manner impossible, that in all things and in every respect any one of them should excel the rest. For true it is, that the four elements, which they say were created of one and the same matter, have powers and qualities altogether contrary; but surely it was never yet seen that of two brethren by one father ind mother, the one should be like unto that wise man whom the Stoics do feign and imagine, to wit, fair, lovely, bountiful, honourable, rich, eloquent, studious, civil, and courteous; and the other, foul, ill-favoured, contemptible, illiberal, needy, not able to speak and deliver his mind, untaught, ignorant, uncivil and unsociable. But even in those that are more obscure, base, and abject than others there is after a sort some spark of grace, of valour, of aptness and inclination to one good thing or other: for as the common proverb goeth:
With calthrap thistles, rough and keen, with prickyxest-harow,
Close Sions fair and soft, yea, white-wallflowers are seen to grow.
These good parts, therefore, be they more or less in others, if he that seemeth to have them in far better and in greater measure, do not debase, smother, hide, and hinder them, nor deject his brother (as in some solemnity of games for the prize) from all the principal honours, but rather yield reciprocally unto him in some points, and acknowledge openly that in many things he is more excellent, and hath a greater dexterity than himself, withdrawing always closely all occasions and matter of envy, as it were fuel from the fire, shall either quench all debate, or rather lot suffer it at all to breed or grow to any head and substance.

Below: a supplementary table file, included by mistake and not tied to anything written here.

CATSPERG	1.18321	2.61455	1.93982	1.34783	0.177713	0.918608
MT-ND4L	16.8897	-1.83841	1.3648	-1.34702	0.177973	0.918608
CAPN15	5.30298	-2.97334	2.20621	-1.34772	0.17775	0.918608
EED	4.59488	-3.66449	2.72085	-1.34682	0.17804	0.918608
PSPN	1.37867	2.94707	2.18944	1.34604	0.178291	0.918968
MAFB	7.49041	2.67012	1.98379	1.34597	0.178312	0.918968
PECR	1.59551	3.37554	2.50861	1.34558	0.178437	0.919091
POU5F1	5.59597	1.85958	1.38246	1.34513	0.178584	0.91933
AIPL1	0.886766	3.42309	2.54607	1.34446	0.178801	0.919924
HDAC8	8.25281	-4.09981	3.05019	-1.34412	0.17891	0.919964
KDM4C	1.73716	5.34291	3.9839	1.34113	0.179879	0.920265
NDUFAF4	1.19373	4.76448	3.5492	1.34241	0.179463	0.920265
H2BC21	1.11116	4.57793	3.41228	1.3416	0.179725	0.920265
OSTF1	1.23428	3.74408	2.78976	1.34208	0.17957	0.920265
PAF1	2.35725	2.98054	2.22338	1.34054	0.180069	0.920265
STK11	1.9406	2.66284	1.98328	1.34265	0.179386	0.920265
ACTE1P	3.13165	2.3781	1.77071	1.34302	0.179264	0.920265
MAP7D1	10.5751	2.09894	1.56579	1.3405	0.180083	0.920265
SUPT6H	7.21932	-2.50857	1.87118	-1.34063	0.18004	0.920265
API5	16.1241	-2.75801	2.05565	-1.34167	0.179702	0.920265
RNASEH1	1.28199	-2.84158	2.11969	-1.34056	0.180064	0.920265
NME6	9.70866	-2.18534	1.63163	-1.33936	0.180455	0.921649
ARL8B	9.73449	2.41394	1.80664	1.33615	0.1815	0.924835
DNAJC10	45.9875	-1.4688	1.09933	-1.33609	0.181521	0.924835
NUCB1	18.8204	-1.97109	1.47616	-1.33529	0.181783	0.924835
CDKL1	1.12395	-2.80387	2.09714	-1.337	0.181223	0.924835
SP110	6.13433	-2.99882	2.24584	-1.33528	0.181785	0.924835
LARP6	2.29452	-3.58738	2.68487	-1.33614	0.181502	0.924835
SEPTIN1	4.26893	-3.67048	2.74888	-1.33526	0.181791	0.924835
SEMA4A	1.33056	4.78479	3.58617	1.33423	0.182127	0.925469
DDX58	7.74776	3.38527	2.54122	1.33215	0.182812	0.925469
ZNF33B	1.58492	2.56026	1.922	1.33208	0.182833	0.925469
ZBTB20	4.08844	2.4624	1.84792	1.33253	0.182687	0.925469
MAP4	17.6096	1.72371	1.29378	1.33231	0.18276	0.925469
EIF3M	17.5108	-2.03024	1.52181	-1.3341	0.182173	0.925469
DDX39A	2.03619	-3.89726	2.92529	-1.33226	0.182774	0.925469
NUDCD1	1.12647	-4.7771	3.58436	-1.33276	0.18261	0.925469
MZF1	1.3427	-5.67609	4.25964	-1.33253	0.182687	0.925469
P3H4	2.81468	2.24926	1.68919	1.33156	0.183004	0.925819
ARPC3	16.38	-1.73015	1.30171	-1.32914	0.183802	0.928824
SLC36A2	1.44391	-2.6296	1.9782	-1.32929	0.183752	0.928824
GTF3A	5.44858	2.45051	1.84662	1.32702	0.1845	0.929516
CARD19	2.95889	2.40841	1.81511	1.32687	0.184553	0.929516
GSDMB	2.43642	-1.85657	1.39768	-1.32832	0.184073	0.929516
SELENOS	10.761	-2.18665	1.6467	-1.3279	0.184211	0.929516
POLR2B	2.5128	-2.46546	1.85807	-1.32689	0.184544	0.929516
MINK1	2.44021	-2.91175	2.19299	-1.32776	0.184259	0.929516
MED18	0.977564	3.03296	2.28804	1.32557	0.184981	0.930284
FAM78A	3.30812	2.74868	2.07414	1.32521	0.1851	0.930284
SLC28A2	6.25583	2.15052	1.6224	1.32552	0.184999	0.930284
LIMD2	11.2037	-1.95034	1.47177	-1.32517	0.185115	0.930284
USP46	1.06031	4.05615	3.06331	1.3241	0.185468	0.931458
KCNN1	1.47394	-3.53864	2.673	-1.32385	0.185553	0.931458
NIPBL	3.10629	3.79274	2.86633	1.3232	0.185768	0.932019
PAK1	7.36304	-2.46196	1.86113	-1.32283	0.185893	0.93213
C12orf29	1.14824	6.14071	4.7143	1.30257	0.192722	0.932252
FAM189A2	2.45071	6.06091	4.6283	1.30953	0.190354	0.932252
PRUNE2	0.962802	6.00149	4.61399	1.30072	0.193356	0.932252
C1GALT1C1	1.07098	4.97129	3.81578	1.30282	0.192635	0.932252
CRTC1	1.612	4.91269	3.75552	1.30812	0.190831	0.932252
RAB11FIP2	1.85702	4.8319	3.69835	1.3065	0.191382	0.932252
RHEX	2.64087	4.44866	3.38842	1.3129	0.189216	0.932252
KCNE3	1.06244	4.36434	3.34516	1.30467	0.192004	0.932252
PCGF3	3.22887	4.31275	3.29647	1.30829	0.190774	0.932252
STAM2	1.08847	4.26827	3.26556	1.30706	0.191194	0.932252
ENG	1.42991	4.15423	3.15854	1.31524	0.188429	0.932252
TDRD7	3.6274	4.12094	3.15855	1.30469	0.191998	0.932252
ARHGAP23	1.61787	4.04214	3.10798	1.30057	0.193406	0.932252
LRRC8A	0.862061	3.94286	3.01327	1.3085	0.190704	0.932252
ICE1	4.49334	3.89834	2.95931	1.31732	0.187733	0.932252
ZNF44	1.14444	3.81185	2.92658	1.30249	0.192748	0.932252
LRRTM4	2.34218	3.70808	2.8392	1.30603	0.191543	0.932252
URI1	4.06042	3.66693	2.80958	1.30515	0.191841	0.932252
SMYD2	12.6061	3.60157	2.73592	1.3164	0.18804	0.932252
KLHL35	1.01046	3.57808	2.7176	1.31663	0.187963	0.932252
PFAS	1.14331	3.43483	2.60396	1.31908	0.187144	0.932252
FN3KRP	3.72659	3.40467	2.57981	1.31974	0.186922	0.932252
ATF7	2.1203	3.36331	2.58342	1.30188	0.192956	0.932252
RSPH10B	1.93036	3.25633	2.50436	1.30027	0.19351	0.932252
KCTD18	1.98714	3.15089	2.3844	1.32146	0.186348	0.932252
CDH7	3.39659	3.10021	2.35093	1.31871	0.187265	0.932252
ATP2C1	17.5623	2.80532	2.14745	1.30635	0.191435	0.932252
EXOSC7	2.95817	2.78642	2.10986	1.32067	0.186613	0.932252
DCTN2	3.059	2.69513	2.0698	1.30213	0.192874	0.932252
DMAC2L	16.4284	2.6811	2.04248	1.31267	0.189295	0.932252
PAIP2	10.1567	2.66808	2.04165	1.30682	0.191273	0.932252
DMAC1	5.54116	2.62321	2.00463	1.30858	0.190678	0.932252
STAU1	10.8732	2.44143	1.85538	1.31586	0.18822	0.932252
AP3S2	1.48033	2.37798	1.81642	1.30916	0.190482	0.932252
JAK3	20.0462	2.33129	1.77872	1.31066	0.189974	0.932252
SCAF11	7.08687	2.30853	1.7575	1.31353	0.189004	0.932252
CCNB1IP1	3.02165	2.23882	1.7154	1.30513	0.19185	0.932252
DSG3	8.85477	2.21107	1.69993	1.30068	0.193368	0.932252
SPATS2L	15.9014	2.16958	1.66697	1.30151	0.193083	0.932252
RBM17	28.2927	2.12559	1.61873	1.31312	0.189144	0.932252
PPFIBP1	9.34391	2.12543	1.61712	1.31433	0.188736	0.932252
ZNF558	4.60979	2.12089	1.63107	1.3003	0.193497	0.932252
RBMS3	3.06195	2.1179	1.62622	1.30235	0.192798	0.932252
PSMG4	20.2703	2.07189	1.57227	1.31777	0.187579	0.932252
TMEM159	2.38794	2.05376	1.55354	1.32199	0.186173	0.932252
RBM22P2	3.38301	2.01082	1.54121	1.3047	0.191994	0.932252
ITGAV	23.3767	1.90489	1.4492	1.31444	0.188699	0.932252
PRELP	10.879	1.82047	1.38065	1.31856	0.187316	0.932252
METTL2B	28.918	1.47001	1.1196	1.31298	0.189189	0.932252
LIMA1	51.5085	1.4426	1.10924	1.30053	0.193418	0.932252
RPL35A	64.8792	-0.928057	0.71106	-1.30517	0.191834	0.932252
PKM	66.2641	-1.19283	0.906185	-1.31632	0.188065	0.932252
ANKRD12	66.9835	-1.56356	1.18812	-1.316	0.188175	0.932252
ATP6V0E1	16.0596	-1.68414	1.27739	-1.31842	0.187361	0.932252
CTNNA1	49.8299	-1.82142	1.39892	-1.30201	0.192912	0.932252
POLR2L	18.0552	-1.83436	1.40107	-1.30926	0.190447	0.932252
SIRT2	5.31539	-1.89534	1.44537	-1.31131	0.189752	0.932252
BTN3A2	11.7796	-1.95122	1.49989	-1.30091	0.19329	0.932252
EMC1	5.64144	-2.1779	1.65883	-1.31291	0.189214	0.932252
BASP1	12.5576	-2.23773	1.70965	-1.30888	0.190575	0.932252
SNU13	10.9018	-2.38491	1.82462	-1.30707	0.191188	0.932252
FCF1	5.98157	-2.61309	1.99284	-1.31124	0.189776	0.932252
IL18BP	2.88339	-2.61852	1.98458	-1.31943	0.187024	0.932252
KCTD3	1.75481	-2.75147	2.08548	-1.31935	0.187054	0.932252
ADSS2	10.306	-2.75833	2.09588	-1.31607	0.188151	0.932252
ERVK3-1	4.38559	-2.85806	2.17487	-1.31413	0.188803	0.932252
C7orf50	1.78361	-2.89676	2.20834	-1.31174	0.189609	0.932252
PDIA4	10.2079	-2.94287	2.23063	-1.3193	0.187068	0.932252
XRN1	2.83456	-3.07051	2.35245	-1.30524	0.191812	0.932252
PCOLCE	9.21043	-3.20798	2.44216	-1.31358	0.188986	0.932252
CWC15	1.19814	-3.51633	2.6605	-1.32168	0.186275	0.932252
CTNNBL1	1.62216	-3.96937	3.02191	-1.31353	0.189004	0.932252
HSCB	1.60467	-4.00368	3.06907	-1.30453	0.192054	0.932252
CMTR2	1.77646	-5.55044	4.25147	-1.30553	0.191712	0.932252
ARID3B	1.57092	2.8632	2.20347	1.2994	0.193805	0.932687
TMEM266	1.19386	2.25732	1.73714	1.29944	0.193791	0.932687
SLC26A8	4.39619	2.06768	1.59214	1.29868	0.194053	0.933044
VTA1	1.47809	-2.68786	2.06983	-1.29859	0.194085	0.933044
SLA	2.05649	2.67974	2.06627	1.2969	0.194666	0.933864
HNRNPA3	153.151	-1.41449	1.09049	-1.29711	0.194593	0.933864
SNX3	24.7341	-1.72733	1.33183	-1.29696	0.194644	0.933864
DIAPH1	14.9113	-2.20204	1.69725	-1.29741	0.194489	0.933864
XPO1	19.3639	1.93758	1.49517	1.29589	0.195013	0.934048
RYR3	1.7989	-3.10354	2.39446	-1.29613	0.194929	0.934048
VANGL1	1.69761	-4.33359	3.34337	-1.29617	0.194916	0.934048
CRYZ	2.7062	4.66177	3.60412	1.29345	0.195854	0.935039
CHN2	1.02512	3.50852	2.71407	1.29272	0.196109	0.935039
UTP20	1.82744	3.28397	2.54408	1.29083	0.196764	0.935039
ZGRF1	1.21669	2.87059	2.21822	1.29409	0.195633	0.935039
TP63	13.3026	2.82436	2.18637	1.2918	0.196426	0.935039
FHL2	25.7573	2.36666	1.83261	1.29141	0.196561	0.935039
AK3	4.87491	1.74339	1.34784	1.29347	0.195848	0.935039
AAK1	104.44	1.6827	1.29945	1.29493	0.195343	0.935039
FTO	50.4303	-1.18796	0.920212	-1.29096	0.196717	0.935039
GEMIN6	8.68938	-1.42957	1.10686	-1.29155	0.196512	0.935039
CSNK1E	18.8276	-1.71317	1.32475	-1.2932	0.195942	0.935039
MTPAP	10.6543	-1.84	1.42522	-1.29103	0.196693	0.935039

Now he that always taketh his brother as a colleague, counsellor, and coadjutor with him, in those causes wherein limself is taken to be his superior: as, for example, if he be I professed rhetorician and orator, using his brother to plead causes; if he be a politician, asking his advice in government; of a man greatly friended, employing him in actions and affairs abroad; and in one word, in no matter of consequence and which may win credit and reputation, leaving not his brother but, but making him his fellow and companion in all great and honourable occasions, and so giving out of him, taking his counsel if he be present, and expecting his presence if he be absent, and generally making it known that he is a man not of less execution than himself, but one rather that loveth not much to put himself forth, nor stands so much upon winning reputation in the world, and seeking to be advanced in credit; by this means he shall lose nothing of his own, but gain much unto his